Other factors that can affect premium increases include additions or subtractions to the attorney roster, the policy limits and deductibles, the firm’s areas of practice, revenues, claims history, etc., and also inflation and interest rates.


Keep in mind most insurers calculate a premium for each of the firm’s attorneys and a premium for the firm, then blend them to get the final premium. While step-rating applies to all attorneys, solo practitioners buying their first malpractice policy will especially notice the increases, particularly in the first three years (Steps 2 to 4), when the increases are typically larger and the premium is smaller. But, after five years, they won’t continue to feel the effects because the firm is considered to be mature.


Contrarily, a multi-lawyer firm could experience the effects of step-rate for years if they are continually adding new attorneys


A multi-attorney firm will experience a step-rate increase in its premium for each attorney who’s in year 2 to 5 with the firm. Therefore, if the firm adds a new attorney every year, the firm will incur a step-rate increase every year. However, if most of the firm’s attorneys are mature in their prior acts, the firm will not incur a step-rate increase amid the other factors that affect the premium.


Does Step-Rate Reset When Your Law Firm Switches Professional Liability Insurance Carriers?


If you have completed your years of step rate, and are considered a "mature" law firm, then the short answer is, no, step rate will not reset.

One of the reasons that most insurance agents ask to see the firm’s declarations page and any prior acts endorsements is to make sure the agent is quoting and writing the firm a new policy that matches current prior acts coverage.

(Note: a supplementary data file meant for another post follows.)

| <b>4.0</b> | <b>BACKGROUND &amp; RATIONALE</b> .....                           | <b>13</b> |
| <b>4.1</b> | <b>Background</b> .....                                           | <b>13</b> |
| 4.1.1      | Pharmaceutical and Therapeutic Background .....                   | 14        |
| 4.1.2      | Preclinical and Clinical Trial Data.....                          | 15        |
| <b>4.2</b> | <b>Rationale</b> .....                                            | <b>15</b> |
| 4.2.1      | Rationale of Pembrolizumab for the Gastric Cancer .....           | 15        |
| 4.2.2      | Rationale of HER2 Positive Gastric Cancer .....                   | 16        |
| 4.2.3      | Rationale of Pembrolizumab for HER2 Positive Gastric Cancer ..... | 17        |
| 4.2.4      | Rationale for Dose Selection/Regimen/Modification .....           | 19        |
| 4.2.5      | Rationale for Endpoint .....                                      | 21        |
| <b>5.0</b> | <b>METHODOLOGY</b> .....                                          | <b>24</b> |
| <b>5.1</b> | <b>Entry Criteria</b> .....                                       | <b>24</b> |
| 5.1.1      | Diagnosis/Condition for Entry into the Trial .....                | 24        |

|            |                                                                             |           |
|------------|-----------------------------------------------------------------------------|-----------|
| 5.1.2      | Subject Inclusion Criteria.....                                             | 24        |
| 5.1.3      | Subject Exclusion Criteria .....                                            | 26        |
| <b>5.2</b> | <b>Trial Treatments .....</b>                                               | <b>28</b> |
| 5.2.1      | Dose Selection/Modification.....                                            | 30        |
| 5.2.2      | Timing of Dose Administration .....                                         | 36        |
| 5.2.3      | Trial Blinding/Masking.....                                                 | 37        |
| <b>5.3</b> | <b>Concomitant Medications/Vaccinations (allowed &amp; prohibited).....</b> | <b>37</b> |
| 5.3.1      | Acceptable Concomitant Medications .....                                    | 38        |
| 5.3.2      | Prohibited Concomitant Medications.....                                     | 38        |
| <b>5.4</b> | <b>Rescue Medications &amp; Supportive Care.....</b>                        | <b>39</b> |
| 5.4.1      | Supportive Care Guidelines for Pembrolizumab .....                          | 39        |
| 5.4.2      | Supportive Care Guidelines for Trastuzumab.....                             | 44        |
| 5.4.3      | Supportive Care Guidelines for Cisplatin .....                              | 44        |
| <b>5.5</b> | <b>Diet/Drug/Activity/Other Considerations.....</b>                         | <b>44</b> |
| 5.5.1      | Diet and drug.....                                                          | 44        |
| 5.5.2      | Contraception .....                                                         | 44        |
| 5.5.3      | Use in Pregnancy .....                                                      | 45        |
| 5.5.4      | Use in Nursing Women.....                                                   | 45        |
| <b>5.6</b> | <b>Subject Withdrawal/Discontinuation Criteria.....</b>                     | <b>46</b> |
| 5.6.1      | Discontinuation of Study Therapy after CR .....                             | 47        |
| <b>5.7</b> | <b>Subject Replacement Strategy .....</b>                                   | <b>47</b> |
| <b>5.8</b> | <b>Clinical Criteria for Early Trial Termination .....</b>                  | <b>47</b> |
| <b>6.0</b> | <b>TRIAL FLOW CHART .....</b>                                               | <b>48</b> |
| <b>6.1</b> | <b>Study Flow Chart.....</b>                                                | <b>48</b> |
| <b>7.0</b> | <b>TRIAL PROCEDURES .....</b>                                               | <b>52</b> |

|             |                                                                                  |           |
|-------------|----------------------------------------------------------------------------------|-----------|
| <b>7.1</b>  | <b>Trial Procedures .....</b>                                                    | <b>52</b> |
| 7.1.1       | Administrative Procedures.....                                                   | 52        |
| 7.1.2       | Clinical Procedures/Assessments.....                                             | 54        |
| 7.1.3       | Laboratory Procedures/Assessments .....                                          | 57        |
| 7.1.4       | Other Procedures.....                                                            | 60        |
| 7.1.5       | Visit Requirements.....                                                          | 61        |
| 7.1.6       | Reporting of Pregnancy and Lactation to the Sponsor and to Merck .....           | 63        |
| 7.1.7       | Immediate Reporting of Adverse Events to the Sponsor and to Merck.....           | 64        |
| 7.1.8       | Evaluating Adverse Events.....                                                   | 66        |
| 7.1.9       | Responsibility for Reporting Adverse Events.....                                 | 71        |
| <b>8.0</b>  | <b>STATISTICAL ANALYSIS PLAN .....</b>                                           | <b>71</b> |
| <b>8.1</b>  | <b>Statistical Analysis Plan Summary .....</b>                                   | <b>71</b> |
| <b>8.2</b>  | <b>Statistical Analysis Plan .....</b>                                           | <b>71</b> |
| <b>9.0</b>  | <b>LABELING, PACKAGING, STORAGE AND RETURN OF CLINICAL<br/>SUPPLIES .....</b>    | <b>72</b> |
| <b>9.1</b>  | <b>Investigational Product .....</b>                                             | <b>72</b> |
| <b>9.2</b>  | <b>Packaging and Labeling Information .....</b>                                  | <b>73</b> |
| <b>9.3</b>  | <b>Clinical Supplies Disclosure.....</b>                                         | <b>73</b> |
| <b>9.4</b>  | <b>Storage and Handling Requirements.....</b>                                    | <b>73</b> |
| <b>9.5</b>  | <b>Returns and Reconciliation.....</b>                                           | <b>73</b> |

In other words, a new insurance carrier will honor the number of years you have been covered. The new carrier will be picking up the exposure for prior acts and the firm’s old carrier is not liable for claims being reported after the policy coverage has expired.

The new carrier will establish an insurance rate appropriate for the amount of time and exposure your policy is covering. By essentially, picking up where you left off with your previous carrier, the new carrier will not need to adjust your premium annually and utilize step rate.

But, if you are within the window of your first five to six years of coverage, then a new carrier will continue to utilize step rate. Step rate will not start over, but instead will once again, pick up where you left off with a previous carrier.


Implications of Step-Rate for Your Law Firm


While step-rating can be frustrating for insured attorneys, understanding its purpose can help alleviate some of the frustration. This industry-wide practice is designed to protect both the insurance carrier and the insured from potential financial harm. By knowing what to expect and planning ahead, attorneys can make informed decisions when purchasing a policy and better prepare for future expenses.

So, if you're new to professional liability insurance and are receiving quotes, it's important to consider what your premium might be in 5 years. This forward-thinking approach will help you select the right carrier and policy for your business, and reduce any surprise or sticker shock during the policy renewal process.